Our next destination was Hermannsberg or as it is called by the local Indigenous people, Ntaria. In Ntaria, another new and challenging experience came knocking. This challenge wasn’t a physical challenge, but mental. Ntaria isn’t exactly what you’d call a visually stunning place but it doesn’t need looks to take your breath away. After a look around the heritage centre, we had a chat with one of the Heritage centre guys who talked all about how Ntaria came about and the Lutheran Mission as well as the local indigenous people and their culture. After spending a night listening to dogs bark at each other we ate breakfast, loaded onto the bus and headed to Ntaria School. Ntaria School was the mental challenge I mentioned before. It was a truly amazing school, not only the way it’s run and the kids that were in it, but the staff and of course the principal- Cath Green. Before we split up into different classrooms Cath gave us a really great speech about how she’s been there for 8 years and how she’s seen the school grow but what was really amazing was how she said straight up to us that even though she’s been there almost a decade she doesn’t understand the Indigenous culture. We think we know about the culture but really we only know the surface. We can see the soil on the surface, but there are thousands and thousands of metres of soil and rock below that we don’t know anything about and it’s exactly the same in a sense of what we know about Indigenous culture. We know the surface but the thousands and thousands of years below we know nothing about and we will never understand. After Cath’s short but touching speech we found ourselves in separate classrooms teaching kids of all ages. At the breaks we played footy with the young kids and they were really into it; running around tackling each other and ripping off their shirts. It was really good fun and we really enjoyed it. What really touched me was towards the end of the school day when the bigger kids came out to kick the footy and I found myself the only white kid standing around 10 Indigenous kids. Now that was really special, for the very first time in my life I was the minority race and not only was it confronting in a sense of feeling it was a moment of reflection of what it must be like for them when they go to schools where white people are the ‘dominant’ skin colour. Upon returning to camp, Dazza informed us it was going to rain so we set about preparing ourselves for the rain. After a wet night we packed up our swags for the final time, loaded the bus and set off for Alice Springs.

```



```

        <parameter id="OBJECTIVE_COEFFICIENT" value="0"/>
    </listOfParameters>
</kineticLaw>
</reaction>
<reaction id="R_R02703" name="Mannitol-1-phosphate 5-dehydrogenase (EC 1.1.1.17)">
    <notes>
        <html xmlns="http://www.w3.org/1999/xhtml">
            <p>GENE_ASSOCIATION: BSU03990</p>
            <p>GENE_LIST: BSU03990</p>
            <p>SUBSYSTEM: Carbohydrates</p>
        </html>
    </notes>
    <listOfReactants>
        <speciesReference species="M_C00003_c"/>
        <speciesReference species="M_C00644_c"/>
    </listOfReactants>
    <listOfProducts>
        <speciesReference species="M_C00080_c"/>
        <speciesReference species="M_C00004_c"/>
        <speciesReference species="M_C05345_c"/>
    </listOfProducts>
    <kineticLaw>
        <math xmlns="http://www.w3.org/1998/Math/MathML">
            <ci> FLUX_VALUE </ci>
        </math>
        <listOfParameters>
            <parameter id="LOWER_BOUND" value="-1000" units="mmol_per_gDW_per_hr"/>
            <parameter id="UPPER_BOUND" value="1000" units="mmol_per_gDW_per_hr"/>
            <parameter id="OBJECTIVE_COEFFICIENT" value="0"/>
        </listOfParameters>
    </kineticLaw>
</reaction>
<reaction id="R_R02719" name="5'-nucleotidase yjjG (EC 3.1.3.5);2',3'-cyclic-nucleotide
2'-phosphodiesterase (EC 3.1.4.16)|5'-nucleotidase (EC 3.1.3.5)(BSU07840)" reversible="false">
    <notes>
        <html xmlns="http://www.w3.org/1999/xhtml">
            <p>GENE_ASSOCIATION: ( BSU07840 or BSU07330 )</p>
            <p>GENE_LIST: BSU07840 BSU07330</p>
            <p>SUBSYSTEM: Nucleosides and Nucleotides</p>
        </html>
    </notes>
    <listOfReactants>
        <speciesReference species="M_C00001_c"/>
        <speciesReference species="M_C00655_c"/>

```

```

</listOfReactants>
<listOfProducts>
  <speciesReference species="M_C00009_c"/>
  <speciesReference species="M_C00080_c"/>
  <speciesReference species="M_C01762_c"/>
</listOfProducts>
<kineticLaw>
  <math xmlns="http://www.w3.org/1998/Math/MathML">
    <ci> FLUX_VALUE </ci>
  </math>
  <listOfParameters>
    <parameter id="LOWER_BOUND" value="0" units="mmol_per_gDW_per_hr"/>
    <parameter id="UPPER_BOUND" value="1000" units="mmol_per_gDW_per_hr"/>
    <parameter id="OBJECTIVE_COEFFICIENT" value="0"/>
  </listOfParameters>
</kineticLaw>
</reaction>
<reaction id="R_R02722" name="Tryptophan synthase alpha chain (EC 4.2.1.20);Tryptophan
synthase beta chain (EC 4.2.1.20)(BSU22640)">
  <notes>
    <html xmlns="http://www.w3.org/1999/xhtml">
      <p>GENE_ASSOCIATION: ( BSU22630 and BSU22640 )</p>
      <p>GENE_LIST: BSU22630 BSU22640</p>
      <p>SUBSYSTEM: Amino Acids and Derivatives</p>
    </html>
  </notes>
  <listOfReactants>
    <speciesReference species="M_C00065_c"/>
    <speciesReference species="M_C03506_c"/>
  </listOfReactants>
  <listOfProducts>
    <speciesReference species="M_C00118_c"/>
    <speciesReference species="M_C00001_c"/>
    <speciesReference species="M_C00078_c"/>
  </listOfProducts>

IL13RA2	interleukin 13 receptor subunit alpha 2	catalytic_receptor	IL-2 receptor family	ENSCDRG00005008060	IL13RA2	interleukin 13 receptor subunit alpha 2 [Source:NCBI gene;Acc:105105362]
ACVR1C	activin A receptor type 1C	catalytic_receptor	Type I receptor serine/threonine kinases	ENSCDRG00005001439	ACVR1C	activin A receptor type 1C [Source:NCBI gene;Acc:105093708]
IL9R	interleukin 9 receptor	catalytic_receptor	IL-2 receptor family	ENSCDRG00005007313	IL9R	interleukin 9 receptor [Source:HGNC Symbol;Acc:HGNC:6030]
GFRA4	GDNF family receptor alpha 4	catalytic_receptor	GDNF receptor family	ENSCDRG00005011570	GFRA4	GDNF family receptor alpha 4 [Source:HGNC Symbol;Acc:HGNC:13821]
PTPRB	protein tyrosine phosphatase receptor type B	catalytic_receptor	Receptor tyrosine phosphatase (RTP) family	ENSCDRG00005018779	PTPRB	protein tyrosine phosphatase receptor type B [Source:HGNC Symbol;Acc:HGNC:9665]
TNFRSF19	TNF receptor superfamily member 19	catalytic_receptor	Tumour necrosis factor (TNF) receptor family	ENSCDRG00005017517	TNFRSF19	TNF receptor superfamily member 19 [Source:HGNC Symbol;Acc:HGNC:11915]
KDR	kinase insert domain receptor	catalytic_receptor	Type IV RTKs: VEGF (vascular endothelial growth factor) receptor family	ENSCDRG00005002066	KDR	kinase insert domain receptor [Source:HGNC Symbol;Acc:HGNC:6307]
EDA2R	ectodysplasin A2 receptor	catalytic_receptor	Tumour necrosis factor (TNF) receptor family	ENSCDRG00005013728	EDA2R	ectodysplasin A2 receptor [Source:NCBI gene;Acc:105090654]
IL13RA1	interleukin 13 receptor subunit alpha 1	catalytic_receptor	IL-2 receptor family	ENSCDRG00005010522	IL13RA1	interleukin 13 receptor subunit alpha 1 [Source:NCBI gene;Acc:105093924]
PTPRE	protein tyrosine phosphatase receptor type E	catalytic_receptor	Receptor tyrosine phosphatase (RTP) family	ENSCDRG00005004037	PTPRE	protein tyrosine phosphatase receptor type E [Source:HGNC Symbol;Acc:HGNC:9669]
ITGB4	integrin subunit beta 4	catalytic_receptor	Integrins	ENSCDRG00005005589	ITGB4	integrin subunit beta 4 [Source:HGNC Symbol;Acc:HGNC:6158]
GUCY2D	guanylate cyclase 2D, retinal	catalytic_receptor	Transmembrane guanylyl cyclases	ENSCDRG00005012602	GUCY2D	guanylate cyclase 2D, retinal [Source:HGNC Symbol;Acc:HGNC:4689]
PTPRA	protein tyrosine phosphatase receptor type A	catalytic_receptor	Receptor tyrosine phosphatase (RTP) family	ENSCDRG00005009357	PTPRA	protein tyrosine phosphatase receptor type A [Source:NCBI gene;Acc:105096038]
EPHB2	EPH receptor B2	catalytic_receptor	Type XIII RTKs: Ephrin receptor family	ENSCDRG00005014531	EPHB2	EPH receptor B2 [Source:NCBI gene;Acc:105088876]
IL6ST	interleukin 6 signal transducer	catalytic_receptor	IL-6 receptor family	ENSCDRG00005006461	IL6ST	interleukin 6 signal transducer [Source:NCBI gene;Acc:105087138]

When we arrived in Alice we went straight to the wildlife centre. The wildlife centre was like a zoo, only it was for both flora and fauna. On our walk through the ‘Zoo’ our guide taught us all about the different birds and reptiles as well as the trees and flowers. It was really interesting to learn the names of all the animals, trees and plants we’d seen over the trip. After our tour we headed to Desert Palms where we stayed the next 2 nights in cabins with beds. Before we went to bed for our first night in Alice, we shook hands with Dazza and thanked him for driving us around and teaching us about the people, flora and fauna of the Northern Territory and also being a great mate to us all. After a great sleep in our beds we packed our bags and headed out on a guided tour of Alice Springs where we visited the botanic gardens, Royal Flying Doctors Service, The Women’s Museum and the Alice Springs reptile centre where we got to learn more about individual snakes and lizards as well as holding them. After that we headed to Anzac Hill where we had a chance to view Alice from above as well as pay our respects to the men and women who served our country before us. After Anzac Hill we split off in groups for lunch and a chance to go shopping which ended our day in Alice on a positive. The following day after a very much needed sleep in (some of us through breakfast) we packed our bags for the final time, said our good byes to Joy and headed for Alice Springs airport where we concluded our trip.
All in all the trek showed and taught us about the cultures, beauty, fun, ugliness and harshness of the outback, from the wide scrub plains to the jagged edges of the MacDonnell Ranges it really did take us on a trek.
by Angus Bicknell and Mitch Wooller